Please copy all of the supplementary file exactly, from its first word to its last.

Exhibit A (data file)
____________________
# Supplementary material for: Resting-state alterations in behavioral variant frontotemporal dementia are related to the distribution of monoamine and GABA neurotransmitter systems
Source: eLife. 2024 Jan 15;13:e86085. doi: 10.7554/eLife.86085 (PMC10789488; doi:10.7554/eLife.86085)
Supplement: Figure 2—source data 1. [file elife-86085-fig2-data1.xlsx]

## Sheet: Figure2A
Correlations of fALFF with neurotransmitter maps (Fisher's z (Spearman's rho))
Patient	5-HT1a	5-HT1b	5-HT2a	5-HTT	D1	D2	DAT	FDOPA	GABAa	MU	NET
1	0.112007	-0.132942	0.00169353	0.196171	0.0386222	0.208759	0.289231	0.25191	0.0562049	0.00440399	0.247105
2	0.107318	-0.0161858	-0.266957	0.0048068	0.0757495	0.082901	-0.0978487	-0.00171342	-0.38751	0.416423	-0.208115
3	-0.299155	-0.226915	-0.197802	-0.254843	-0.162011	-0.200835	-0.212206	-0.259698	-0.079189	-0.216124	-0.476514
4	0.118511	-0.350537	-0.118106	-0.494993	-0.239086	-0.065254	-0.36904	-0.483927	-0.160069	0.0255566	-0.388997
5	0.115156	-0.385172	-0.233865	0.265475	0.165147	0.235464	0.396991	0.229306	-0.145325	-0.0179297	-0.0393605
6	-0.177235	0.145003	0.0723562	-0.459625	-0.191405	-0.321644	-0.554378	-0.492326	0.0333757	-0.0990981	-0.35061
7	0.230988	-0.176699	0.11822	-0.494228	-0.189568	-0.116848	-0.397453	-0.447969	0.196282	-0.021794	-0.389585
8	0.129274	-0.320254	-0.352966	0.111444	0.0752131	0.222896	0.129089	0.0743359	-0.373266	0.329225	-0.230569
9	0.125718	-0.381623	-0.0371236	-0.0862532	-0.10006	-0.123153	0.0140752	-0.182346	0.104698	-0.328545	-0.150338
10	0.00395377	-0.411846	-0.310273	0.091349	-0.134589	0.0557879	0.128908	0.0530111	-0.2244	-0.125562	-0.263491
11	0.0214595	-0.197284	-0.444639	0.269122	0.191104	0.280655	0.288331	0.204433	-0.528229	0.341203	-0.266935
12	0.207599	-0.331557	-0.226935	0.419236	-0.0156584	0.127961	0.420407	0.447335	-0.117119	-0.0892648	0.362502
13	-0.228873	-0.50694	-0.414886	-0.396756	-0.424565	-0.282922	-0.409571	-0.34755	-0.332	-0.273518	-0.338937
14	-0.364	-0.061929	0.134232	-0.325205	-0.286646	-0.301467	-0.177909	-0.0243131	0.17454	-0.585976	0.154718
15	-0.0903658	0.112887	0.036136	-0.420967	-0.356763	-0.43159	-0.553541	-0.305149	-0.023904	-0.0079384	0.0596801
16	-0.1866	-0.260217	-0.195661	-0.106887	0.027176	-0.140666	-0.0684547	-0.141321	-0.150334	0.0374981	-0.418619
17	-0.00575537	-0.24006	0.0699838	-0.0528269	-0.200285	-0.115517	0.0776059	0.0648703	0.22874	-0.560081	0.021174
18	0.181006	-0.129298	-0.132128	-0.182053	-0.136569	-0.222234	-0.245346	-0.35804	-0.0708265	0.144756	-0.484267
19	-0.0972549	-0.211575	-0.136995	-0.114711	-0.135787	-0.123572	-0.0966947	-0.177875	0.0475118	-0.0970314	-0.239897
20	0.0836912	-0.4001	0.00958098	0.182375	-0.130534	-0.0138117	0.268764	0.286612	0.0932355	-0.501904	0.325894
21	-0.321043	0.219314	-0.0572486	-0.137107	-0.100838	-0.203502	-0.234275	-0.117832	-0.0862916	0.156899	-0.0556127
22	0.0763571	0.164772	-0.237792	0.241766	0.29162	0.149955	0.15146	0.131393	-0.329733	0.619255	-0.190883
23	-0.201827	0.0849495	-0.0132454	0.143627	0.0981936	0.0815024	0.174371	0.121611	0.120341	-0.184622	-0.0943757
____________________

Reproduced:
# Supplementary material for: Resting-state alterations in behavioral variant frontotemporal dementia are related to the distribution of monoamine and GABA neurotransmitter systems
Source: eLife. 2024 Jan 15;13:e86085. doi: 10.7554/eLife.86085 (PMC10789488; doi:10.7554/eLife.86085)
Supplement: Figure 2—source data 1. [file elife-86085-fig2-data1.xlsx]

## Sheet: Figure2A
Correlations of fALFF with neurotransmitter maps (Fisher's z (Spearman's rho))
Patient	5-HT1a	5-HT1b	5-HT2a	5-HTT	D1	D2	DAT	FDOPA	GABAa	MU	NET
1	0.112007	-0.132942	0.00169353	0.196171	0.0386222	0.208759	0.289231	0.25191	0.0562049	0.00440399	0.247105
2	0.107318	-0.0161858	-0.266957	0.0048068	0.0757495	0.082901	-0.0978487	-0.00171342	-0.38751	0.416423	-0.208115
3	-0.299155	-0.226915	-0.197802	-0.254843	-0.162011	-0.200835	-0.212206	-0.259698	-0.079189	-0.216124	-0.476514
4	0.118511	-0.350537	-0.118106	-0.494993	-0.239086	-0.065254	-0.36904	-0.483927	-0.160069	0.0255566	-0.388997
5	0.115156	-0.385172	-0.233865	0.265475	0.165147	0.235464	0.396991	0.229306	-0.145325	-0.0179297	-0.0393605
6	-0.177235	0.145003	0.0723562	-0.459625	-0.191405	-0.321644	-0.554378	-0.492326	0.0333757	-0.0990981	-0.35061
7	0.230988	-0.176699	0.11822	-0.494228	-0.189568	-0.116848	-0.397453	-0.447969	0.196282	-0.021794	-0.389585
8	0.129274	-0.320254	-0.352966	0.111444	0.0752131	0.222896	0.129089	0.0743359	-0.373266	0.329225	-0.230569
9	0.125718	-0.381623	-0.0371236	-0.0862532	-0.10006	-0.123153	0.0140752	-0.182346	0.104698	-0.328545	-0.150338
10	0.00395377	-0.411846	-0.310273	0.091349	-0.134589	0.0557879	0.128908	0.0530111	-0.2244	-0.125562	-0.263491
11	0.0214595	-0.197284	-0.444639	0.269122	0.191104	0.280655	0.288331	0.204433	-0.528229	0.341203	-0.266935
12	0.207599	-0.331557	-0.226935	0.419236	-0.0156584	0.127961	0.420407	0.447335	-0.117119	-0.0892648	0.362502
13	-0.228873	-0.50694	-0.414886	-0.396756	-0.424565	-0.282922	-0.409571	-0.34755	-0.332	-0.273518	-0.338937
14	-0.364	-0.061929	0.134232	-0.325205	-0.286646	-0.301467	-0.177909	-0.0243131	0.17454	-0.585976	0.154718
15	-0.0903658	0.112887	0.036136	-0.420967	-0.356763	-0.43159	-0.553541	-0.305149	-0.023904	-0.0079384	0.0596801
16	-0.1866	-0.260217	-0.195661	-0.106887	0.027176	-0.140666	-0.0684547	-0.141321	-0.150334	0.0374981	-0.418619
17	-0.00575537	-0.24006	0.0699838	-0.0528269	-0.200285	-0.115517	0.0776059	0.0648703	0.22874	-0.560081	0.021174
18	0.181006	-0.129298	-0.132128	-0.182053	-0.136569	-0.222234	-0.245346	-0.35804	-0.0708265	0.144756	-0.484267
19	-0.0972549	-0.211575	-0.136995	-0.114711	-0.135787	-0.123572	-0.0966947	-0.177875	0.0475118	-0.0970314	-0.239897
20	0.0836912	-0.4001	0.00958098	0.182375	-0.130534	-0.0138117	0.268764	0.286612	0.0932355	-0.501904	0.325894
21	-0.321043	0.219314	-0.0572486	-0.137107	-0.100838	-0.203502	-0.234275	-0.117832	-0.0862916	0.156899	-0.0556127
22	0.0763571	0.164772	-0.237792	0.241766	0.29162	0.149955	0.15146	0.131393	-0.329733	0.619255	-0.190883
23	-0.201827	0.0849495	-0.0132454	0.143627	0.0981936	0.0815024	0.174371	0.121611	0.120341	-0.184622	-0.0943757